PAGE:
The Theravada tradition has developed a useful tool that will allow you to remove these barriers from your mind at least temporarily, so that you can get on with the job of removing their roots permanently. You can use one idea to cancel another. You can balance a negative emotion by instilling a positive one. Giving is the opposite of greed. Benevolence is the opposite of hatred. Understand clearly now: this is not an attempt to liberate yourself by autohypnosis. You cannot condition enlightenment. Nibbana is an unconditioned state. A liberated person will indeed be generous and benevolent, but not because she has been conditioned to be so. She will be so purely as a manifestation of her own basic nature, which is no longer inhibited by ego. So this is not conditioning. This is rather psychological medicine. If you take this medicine according to directions, it will bring temporary relief from the symptoms of the malady from which you are currently suffering. Then you can get to work in earnest on the illness itself. You start out by banishing thoughts of self-hatred and self-condemnation. You allow good feelings and good wishes first to flow to yourself, which is relatively easy. Then you do the same for those people closest to you. Gradually, you work outward from your own circle of intimates until you can direct a flow of those same emotions to your enemies and to all living beings everywhere. Correctly done, this can be a powerful and transformative exercise in itself. As we have explored in the previous pages, the presence of an addiction significantly contributes to depression .

Even as we look squarely at this disturbing dilemma, let's not lose sight of an inspiring fact: each year, countless people address their addictive behaviors and make substantial progress in overcoming them. And you can too! Begin your journey toward healing with these steps: Get real. You've lived in secrecy and behind a screen of lies for so long that you may feel there's no way back. How can you come clean now after so much time? Rest assured that, even now, people who care about you would rather hear the truth, however painful, than go on struggling with a vague suspicion that something is not right. Getting secrets out of the closet and into the light is remarkably liberating for everyone involved. Freed of that burden, you'll have more energy and motivation to complete the work you've started and beat addiction and depression for good. Get help. It's no accident that every community in America has a wide range of thriving recovery programs available for every addiction you can name. They exist and persist because people exactly like you have discovered an undeniable fact: they can't succeed alone. Help can also come in the form of professional counseling, trusted friends and family, and involvement in faith communities. Get active. Wanting to recover is not enough. Healing is something you do, not passively receive. Make a list of steps you can take right now to be free. Guard against populating your plan with only low-hanging fruit. Include items that scare you, that you think are impossible--and do them anyway. Get out. If shopping is your compulsion, get out of the mall.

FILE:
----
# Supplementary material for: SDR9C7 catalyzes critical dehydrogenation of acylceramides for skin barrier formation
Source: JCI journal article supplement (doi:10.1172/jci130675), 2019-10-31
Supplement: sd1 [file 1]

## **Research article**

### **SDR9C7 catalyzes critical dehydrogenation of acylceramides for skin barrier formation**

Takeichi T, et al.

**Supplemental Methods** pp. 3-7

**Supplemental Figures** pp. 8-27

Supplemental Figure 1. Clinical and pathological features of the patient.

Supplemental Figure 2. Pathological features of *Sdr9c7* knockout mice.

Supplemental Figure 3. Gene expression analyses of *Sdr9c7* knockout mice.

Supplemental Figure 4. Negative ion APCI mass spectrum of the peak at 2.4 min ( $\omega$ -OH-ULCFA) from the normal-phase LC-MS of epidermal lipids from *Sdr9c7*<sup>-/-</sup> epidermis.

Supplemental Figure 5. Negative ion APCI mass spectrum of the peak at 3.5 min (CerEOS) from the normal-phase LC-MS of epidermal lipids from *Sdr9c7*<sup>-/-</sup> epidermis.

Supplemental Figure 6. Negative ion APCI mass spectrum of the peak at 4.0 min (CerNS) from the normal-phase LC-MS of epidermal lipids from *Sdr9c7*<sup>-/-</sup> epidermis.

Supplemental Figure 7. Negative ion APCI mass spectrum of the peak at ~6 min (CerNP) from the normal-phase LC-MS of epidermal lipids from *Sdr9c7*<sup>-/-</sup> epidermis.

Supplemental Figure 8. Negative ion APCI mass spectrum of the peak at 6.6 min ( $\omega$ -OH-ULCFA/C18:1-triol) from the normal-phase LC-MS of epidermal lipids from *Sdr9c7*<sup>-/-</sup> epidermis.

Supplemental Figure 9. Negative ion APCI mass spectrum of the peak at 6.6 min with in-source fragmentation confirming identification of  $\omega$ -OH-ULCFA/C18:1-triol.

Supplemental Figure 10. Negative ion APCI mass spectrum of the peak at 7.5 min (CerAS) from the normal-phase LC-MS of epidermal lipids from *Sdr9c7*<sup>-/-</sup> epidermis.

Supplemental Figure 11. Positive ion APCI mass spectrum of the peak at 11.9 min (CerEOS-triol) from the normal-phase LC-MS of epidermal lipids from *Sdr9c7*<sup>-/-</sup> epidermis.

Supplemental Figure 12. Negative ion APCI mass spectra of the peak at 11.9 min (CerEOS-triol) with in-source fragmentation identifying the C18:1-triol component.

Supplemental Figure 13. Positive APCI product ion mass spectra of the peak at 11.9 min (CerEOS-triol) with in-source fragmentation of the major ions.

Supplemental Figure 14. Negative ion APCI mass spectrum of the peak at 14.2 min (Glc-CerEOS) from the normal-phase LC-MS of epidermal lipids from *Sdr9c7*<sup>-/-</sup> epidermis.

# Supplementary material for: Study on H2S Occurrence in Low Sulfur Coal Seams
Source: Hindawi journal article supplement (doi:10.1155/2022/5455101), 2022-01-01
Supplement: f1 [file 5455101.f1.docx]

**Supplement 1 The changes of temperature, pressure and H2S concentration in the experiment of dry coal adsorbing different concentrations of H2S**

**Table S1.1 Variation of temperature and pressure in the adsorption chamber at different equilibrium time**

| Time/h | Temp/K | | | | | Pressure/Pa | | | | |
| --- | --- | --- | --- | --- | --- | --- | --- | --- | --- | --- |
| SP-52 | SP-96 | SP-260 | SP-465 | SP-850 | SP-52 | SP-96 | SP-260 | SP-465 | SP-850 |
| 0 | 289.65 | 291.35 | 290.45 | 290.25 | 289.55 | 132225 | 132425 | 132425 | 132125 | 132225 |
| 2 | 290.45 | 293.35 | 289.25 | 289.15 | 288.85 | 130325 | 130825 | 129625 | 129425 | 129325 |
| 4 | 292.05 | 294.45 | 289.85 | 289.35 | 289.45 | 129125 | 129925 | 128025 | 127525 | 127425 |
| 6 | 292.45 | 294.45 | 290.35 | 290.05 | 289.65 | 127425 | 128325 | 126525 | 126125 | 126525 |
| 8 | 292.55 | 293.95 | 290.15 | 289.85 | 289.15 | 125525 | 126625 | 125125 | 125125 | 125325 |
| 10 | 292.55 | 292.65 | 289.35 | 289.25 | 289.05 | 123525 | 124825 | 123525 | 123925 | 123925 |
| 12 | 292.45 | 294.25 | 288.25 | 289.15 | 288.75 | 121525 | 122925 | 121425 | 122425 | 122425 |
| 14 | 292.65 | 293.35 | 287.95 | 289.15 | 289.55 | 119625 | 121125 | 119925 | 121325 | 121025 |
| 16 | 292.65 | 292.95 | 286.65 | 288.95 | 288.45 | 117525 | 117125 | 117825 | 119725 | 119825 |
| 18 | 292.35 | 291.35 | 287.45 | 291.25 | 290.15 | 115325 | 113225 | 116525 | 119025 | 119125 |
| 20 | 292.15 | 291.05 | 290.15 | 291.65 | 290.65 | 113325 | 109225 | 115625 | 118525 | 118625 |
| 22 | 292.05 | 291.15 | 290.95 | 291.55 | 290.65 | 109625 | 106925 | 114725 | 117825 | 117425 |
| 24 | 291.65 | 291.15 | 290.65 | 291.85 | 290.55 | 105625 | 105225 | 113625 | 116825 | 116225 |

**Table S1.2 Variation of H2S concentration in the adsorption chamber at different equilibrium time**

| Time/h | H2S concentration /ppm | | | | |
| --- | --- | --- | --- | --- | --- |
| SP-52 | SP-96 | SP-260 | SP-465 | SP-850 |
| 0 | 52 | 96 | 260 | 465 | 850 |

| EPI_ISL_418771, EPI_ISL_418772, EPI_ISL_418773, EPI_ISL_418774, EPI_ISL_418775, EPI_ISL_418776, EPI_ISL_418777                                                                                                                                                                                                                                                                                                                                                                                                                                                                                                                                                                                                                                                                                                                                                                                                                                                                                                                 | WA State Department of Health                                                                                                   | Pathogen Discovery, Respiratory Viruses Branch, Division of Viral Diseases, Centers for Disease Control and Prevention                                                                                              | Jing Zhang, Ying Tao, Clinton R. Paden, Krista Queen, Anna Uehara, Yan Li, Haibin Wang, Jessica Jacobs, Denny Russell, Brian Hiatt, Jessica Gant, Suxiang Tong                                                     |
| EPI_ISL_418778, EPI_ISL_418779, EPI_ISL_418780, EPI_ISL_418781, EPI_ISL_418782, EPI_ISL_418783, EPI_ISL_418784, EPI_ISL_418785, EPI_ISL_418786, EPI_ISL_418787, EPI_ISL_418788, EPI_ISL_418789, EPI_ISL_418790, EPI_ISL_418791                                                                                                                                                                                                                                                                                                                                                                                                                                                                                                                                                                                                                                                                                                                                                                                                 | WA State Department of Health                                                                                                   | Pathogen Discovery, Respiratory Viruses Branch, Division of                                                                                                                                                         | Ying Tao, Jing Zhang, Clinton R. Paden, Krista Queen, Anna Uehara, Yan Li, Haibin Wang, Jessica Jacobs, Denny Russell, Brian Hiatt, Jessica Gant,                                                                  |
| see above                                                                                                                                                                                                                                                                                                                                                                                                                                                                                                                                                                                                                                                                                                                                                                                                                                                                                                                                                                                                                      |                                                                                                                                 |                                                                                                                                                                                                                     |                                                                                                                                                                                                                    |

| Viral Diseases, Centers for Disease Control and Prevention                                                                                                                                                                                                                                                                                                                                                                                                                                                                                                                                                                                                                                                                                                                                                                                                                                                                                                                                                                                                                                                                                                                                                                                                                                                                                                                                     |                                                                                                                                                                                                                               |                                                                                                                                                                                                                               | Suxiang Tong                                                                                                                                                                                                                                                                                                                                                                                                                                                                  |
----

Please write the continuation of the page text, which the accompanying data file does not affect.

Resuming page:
If it's drinking, get out of the bar. In other words, the thing that has you trapped exists in a particular environment, associated with a known group of people, at certain times of day, and under predictable circumstances. Make a list of what those are, and then remove yourself from them. Get accountable. Your brain is a smooth talker, especially when in search of a dopamine fix. Its justifications seem reasonable and harmless enough when confined to your private, inner dialogue. But speak them out loud to someone who has agreed to help you make good choices, and those arguments become much easier to see for what they are. With that in mind, it's no wonder that people are so quick to go after people they don't know, making snap judgments, getting angry over small slights and generating enmity with people they might never see again (or worse, people they will see every day). There are stressed out, angry at people who will always be generally unhappy in the world. But, it doesn't have to be like that. A few simple adjustments to your mind set can make it far easier to be nice to the random strangers you run into each day. They could be a complete jerk, but what if they were? Do you really think someone so callous they just run into people without a thought would be affected by your rudeness? Probably not. More than likely, they would feed off of it and become even more upset. And now, you're just feeding a cycle that will further anger you and cause rudeness to the next stranger you meet, possibly someone who could use your empathy. So, the next time you meet a perfect stranger or run into someone at random in a less than ideal situation, consider what they might be going through. Simple empathy and a friendly mind set can make a HUGE difference in your social fortunes. Humans are problem solvers. We can see a problem, analyze it and develop solutions to that problems using our experience, sometimes instantly.